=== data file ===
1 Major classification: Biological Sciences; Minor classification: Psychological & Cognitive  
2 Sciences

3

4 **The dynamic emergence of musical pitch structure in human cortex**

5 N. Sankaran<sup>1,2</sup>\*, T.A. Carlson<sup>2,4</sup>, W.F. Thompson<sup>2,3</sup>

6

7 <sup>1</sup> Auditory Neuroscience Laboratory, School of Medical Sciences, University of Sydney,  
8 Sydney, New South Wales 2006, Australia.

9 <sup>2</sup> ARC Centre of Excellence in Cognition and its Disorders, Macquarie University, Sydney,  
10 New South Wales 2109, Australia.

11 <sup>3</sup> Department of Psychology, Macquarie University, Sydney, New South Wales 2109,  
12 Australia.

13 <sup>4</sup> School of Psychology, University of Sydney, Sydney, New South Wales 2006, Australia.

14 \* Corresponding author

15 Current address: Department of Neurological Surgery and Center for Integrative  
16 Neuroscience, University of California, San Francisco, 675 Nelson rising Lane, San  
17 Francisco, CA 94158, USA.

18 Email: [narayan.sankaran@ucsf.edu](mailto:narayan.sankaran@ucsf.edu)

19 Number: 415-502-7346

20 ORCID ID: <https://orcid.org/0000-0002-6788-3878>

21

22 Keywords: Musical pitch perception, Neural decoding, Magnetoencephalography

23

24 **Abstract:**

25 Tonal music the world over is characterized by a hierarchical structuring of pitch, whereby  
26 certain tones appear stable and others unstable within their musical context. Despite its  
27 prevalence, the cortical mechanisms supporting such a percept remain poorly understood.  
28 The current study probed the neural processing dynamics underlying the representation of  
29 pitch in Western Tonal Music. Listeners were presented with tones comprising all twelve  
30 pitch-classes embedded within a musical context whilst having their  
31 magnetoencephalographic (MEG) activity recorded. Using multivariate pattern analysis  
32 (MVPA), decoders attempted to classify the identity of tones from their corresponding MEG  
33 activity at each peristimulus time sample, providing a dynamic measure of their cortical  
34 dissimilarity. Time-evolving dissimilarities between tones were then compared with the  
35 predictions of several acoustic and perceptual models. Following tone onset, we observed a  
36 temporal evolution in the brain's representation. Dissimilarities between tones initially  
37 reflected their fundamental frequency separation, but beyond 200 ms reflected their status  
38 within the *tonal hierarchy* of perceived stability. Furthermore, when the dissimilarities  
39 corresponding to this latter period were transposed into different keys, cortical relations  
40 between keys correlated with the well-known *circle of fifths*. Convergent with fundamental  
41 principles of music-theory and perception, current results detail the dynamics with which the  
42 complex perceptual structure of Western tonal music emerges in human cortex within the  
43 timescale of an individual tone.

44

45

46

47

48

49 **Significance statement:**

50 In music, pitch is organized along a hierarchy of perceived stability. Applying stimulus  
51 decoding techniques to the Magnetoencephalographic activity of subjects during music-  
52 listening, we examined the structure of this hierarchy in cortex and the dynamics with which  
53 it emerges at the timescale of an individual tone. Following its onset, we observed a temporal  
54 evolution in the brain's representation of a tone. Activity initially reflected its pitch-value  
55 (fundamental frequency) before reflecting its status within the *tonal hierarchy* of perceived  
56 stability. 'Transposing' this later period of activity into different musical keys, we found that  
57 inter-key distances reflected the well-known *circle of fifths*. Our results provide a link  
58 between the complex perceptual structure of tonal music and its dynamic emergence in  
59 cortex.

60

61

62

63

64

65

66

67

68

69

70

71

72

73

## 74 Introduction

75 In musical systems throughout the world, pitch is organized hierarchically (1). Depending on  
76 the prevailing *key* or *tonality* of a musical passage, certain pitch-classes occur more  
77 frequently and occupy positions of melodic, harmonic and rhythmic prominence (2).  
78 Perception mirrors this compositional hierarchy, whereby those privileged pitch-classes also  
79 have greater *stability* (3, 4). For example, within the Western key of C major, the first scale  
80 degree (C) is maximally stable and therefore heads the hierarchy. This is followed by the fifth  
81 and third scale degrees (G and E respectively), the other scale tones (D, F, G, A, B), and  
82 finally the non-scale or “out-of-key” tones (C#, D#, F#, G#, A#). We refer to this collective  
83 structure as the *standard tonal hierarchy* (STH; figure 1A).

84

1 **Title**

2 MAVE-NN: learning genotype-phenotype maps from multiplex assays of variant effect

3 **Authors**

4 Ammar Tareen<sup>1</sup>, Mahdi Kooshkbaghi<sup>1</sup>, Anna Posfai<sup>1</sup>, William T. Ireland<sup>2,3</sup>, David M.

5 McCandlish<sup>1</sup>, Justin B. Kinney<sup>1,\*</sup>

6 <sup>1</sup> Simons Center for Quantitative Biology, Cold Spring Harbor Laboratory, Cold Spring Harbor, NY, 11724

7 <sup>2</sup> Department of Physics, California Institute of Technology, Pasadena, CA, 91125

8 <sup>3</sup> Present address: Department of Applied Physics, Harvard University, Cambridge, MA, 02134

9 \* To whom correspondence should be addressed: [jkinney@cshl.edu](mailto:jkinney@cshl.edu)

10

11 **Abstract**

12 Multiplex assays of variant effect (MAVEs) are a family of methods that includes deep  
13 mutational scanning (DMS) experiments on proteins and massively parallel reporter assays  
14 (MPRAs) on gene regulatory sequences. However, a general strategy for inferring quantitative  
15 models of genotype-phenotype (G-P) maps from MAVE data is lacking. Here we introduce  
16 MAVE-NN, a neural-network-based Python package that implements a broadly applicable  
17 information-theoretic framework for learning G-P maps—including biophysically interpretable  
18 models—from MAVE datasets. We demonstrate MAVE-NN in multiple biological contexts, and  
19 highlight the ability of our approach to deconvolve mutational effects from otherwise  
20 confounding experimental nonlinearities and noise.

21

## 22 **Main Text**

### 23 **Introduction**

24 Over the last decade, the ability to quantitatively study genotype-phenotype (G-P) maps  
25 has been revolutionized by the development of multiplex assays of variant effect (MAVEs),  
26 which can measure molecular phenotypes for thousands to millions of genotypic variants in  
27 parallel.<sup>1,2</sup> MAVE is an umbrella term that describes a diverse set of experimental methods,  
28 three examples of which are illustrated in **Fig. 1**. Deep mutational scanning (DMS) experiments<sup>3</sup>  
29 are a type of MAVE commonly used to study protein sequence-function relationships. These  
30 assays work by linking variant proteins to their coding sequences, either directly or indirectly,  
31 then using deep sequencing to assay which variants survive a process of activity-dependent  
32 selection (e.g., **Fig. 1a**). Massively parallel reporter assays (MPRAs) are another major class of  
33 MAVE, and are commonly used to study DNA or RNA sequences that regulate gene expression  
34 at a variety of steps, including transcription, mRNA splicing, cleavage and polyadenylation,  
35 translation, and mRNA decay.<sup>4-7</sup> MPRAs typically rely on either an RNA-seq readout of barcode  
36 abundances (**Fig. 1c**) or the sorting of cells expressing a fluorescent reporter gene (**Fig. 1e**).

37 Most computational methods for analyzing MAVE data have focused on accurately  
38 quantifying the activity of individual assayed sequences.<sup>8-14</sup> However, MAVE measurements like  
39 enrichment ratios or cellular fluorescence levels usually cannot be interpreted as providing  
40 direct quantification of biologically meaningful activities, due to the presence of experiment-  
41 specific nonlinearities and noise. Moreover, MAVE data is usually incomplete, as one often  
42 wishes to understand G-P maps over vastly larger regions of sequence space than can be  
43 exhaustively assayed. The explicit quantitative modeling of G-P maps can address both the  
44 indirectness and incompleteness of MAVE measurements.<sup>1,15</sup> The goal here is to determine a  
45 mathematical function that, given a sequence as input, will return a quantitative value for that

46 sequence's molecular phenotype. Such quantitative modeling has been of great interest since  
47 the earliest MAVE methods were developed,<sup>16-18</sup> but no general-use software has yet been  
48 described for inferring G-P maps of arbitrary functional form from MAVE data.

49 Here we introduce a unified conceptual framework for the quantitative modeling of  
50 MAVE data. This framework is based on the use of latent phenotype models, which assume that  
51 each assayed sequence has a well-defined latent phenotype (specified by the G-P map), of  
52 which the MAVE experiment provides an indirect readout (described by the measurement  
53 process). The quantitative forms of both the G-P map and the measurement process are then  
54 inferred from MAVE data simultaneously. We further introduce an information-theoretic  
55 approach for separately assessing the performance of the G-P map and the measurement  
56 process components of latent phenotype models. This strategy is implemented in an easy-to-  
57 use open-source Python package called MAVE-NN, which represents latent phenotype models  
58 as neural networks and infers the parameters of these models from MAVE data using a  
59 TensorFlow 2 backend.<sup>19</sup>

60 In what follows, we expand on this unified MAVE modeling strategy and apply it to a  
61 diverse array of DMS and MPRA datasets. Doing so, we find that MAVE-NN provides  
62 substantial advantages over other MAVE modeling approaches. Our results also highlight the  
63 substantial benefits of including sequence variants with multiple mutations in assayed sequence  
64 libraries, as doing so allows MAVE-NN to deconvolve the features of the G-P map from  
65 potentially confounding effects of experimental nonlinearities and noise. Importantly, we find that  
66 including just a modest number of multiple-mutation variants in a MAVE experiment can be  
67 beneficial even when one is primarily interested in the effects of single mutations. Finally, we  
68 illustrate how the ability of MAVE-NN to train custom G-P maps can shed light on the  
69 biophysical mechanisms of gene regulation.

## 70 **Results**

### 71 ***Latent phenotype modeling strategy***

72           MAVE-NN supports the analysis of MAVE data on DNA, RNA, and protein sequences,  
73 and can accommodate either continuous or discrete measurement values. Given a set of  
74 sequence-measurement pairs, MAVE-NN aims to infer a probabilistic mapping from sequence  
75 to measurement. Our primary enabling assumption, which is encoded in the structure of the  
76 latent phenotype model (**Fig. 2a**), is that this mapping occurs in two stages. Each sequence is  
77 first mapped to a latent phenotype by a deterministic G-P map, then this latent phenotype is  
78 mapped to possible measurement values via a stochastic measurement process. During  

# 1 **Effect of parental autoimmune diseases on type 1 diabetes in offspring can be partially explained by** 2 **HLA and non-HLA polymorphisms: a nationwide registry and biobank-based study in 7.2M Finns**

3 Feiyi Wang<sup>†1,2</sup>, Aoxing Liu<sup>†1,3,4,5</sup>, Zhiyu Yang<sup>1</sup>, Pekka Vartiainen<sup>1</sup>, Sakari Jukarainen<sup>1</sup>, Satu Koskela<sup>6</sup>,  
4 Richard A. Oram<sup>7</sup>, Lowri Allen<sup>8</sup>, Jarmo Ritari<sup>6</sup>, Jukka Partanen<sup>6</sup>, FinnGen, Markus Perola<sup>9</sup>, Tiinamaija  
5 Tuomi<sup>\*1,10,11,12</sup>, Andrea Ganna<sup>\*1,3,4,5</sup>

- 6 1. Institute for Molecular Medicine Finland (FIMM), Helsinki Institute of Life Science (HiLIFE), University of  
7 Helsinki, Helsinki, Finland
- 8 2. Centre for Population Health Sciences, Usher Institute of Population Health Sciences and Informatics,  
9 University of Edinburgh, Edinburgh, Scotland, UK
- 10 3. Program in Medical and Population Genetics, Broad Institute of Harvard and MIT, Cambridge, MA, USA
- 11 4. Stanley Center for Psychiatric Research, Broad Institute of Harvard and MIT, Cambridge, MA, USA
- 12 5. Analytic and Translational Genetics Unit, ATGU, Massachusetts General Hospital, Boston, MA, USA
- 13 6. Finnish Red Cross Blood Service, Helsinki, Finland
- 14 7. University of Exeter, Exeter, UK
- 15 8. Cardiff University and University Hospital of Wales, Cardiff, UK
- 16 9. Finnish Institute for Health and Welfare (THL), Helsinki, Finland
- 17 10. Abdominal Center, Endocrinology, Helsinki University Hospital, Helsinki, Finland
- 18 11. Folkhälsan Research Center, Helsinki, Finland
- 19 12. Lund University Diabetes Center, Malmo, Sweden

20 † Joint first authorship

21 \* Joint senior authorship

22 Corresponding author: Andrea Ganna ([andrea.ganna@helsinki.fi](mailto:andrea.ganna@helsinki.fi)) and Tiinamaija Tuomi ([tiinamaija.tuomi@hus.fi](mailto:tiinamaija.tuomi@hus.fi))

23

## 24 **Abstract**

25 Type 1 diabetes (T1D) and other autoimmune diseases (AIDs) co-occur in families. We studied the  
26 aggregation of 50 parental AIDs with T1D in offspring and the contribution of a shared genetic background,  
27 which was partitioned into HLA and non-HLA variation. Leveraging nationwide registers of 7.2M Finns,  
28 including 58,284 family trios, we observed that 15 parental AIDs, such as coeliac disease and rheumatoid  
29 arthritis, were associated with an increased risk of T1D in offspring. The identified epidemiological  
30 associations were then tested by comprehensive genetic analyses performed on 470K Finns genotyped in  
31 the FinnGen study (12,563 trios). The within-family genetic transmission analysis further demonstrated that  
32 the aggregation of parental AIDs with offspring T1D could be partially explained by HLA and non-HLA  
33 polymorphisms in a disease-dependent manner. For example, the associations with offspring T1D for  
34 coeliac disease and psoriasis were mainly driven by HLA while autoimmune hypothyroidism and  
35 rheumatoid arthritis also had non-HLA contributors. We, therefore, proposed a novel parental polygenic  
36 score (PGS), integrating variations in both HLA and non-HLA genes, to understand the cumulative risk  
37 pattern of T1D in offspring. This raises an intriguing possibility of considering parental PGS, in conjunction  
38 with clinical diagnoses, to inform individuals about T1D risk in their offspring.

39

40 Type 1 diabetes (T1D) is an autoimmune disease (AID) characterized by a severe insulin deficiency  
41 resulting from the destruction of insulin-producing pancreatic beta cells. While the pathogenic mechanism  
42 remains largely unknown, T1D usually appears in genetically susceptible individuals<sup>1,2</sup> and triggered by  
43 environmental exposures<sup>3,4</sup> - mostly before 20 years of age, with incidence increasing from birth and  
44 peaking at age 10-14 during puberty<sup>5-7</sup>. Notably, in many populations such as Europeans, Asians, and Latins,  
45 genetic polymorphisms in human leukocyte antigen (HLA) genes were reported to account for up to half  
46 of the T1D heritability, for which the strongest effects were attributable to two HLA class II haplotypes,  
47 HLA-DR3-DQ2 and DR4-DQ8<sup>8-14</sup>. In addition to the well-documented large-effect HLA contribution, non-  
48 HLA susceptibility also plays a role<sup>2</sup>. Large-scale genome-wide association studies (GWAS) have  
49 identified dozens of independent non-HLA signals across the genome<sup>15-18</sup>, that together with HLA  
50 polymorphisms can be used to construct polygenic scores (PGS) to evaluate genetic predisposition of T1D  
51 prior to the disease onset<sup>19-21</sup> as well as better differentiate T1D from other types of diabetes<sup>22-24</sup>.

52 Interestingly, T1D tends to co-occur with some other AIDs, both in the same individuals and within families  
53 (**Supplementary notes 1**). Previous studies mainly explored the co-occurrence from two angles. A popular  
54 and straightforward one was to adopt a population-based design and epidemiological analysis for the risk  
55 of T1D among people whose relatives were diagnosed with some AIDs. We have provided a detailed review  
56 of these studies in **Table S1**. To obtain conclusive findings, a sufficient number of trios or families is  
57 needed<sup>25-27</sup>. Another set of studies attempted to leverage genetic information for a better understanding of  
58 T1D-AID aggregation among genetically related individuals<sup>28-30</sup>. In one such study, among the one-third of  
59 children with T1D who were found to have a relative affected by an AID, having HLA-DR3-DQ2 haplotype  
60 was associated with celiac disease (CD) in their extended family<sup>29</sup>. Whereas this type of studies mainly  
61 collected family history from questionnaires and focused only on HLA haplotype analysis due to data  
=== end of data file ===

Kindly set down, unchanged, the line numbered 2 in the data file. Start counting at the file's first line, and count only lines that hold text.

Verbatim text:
2 Sciences